What is Eosinophilic Esophagitis (EoE)?
Eosinophilic esophagitis (EoE) is a chronic, allergic inflammatory disease that occurs when there is an increased number of eosinophilic in the esophagus (the tube connecting the mouth to the stomach). Eosinophils are a type of white blood cells that help fight parasite infections and are involved in allergic reactions. They are not normally found in the esophagus, although they may be found in small numbers in other areas of the gastrointestinal tract. Gastroesophageal reflux disease (GERD), drug reaction, and inflammatory bowel disease (Crohn’s disease) can also cause elevated numbers of eosinophils. The eosinophils cause injury to the surrounding tissues.
People with EoE often have other allergic conditions such as nasal and eye/ocular allergies, asthma, anaphylactic food allergies, and/or eczema. EoE can be triggered by delayed reactions to foods and in some cases is inherited. Symptoms may vary among individuals and age groups. Vomiting may occur more commonly in young children while older individuals may have difficulty swallowing. Food impactions are more common in adults and adolescents.
How is EoE Treated?
Currently, there are no FDA-approved drugs indicated for the treatment of EoE. The two main treatments recommended are diet management and medications that were approved to treat other conditions, such as swallowed topicals corticosteroids (fluticasone or a budesonide mixture/slurry), and proton pump inhibitors (acid suppressors). A combination of these therapies may be recommended. Repeat endoscopies with biopsies are needed to monitor the effectiveness of the treatment plan.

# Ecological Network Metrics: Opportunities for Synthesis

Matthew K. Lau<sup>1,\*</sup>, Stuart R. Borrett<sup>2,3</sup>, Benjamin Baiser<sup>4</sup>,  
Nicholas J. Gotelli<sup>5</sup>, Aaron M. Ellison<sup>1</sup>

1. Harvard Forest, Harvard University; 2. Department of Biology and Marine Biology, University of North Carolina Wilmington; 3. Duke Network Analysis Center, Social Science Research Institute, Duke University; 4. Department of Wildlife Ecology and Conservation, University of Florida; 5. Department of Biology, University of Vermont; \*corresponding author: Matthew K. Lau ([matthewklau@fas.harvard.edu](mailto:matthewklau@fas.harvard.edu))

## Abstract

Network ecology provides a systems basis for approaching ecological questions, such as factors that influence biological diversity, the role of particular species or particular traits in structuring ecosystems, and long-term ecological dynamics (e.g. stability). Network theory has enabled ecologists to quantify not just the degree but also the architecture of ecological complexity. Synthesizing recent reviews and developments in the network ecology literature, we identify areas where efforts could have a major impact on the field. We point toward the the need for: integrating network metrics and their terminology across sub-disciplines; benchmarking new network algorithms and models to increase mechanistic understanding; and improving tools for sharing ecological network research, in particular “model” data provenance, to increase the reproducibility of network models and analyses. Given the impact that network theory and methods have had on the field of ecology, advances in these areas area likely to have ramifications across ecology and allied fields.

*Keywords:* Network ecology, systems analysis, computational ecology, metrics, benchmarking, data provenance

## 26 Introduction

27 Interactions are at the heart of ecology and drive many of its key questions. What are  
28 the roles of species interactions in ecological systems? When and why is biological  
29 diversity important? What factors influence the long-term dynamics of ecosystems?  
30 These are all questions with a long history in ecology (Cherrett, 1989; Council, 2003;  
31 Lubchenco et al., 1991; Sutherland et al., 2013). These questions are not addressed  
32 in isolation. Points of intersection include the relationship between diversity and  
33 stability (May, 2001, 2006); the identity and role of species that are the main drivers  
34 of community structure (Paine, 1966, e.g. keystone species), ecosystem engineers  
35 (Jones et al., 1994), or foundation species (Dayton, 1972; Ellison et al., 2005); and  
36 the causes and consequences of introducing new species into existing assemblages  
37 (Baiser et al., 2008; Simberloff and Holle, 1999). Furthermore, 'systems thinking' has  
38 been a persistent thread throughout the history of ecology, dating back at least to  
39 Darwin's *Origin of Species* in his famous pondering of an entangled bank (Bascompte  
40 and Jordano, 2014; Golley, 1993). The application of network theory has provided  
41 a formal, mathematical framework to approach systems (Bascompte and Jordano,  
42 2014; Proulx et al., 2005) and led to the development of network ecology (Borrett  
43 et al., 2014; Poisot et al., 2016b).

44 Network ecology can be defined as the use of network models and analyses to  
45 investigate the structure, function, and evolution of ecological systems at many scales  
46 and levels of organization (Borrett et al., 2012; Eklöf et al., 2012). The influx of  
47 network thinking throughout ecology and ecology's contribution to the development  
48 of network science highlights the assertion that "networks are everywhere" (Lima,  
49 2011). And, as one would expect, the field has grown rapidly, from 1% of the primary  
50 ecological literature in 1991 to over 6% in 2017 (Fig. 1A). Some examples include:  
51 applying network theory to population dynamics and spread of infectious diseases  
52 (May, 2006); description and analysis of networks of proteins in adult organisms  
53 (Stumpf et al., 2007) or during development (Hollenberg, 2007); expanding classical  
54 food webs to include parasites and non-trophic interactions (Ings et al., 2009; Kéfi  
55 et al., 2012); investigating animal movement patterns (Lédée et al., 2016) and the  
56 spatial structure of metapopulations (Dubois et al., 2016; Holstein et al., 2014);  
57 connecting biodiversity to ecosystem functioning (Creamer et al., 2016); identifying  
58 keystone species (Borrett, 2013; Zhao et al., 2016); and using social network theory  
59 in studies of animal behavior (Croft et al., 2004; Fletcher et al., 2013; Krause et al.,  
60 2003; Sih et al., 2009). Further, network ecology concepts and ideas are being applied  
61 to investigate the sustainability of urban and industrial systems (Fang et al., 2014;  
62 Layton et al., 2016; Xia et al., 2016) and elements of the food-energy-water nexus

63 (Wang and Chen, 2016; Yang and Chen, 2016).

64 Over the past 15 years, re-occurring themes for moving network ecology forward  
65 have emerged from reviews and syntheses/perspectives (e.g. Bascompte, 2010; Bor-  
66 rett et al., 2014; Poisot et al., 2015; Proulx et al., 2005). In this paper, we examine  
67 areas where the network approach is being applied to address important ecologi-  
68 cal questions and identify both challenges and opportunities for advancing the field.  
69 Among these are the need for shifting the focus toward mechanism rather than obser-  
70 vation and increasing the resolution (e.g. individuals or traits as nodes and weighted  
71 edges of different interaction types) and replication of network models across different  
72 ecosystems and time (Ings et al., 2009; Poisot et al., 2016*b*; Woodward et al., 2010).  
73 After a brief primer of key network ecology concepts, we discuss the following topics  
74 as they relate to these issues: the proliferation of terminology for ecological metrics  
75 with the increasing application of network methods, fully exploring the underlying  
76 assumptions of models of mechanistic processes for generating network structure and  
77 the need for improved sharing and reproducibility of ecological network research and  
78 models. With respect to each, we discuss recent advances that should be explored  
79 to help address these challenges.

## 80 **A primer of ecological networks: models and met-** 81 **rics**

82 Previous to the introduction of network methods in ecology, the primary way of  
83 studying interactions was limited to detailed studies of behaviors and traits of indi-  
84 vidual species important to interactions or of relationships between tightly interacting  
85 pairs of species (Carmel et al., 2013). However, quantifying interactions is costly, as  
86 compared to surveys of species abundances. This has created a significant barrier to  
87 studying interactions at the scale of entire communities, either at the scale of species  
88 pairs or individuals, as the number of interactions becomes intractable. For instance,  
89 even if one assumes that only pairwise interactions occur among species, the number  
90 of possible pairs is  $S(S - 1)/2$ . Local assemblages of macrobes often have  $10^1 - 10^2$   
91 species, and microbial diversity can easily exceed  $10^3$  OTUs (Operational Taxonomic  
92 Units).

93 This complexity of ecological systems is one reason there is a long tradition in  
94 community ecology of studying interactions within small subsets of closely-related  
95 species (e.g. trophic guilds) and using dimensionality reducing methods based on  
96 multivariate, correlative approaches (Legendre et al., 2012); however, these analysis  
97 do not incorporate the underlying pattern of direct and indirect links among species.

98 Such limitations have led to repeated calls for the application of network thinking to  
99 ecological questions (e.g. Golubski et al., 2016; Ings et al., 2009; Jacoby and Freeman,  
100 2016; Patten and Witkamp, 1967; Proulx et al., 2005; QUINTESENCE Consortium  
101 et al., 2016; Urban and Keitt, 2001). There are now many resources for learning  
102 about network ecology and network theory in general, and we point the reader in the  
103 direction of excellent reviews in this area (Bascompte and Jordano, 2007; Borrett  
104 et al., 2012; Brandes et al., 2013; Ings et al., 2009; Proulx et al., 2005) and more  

Diet management may include Common allergen elimination diet- Common allergy causing foods (milk, egg, soy, wheat, and, at times, other foods such as shellfish, fish, peanuts/tree nuts, based on current studies) are removed from the diet, rather than using food allergy test results to determine which food(s) to remove.
Elemental Diet: All sources of protein are removed from the diet and the patient drinks only an amino acid formula. Sometimes, a feeding tube may be required.
- Food Trial- Specific foods are removed from the diet, and then added back, one at a time, to determine which food(s) causes a reaction.
Directed elimination diet- Food allergy testing is used to direct which foods to remove from the diet. While this may help guide food trials and/or evaluate for IgE reactions, empiric allergen elimination diets are more often used for EoE.
How is EoE diagnosed?
To diagnose EoE, a gastroenterologist will perform an upper endoscopy. This procedure is typically not uncomfortable and can be done on an outpatient basis.
- During this procedure, the patient is sedated or put under anesthesia, and a small tube called an endoscope is inserted through the mouth. The esophagus, stomach, and the first part of the small intestine are examined for tissue injury and inflammation, and the esophageal wall is examined for thickening. A patient may have EoE even if the esophagus looks normal during endoscopy.
- Small tissue samples are taken (biopsies) for a pathologist to analyze under a high-powered microscope. If eosinophils are present in the samples, the pathologist will count how many are visible. Increased numbers of eosinophils (usually >15 eosinophils per high-powered microscopic field) is highly suggestive of EoE. It is very important that your GI doctor take an adequate number of samples (ideally 4-5) from at least two areas of the esophagus in order to make an accurate diagnosis.
- An endoscopy with the biopsies is the only reliable method of diagnosing EoE at this time, although less invasive diagnostic and monitoring methods are currently under investigation.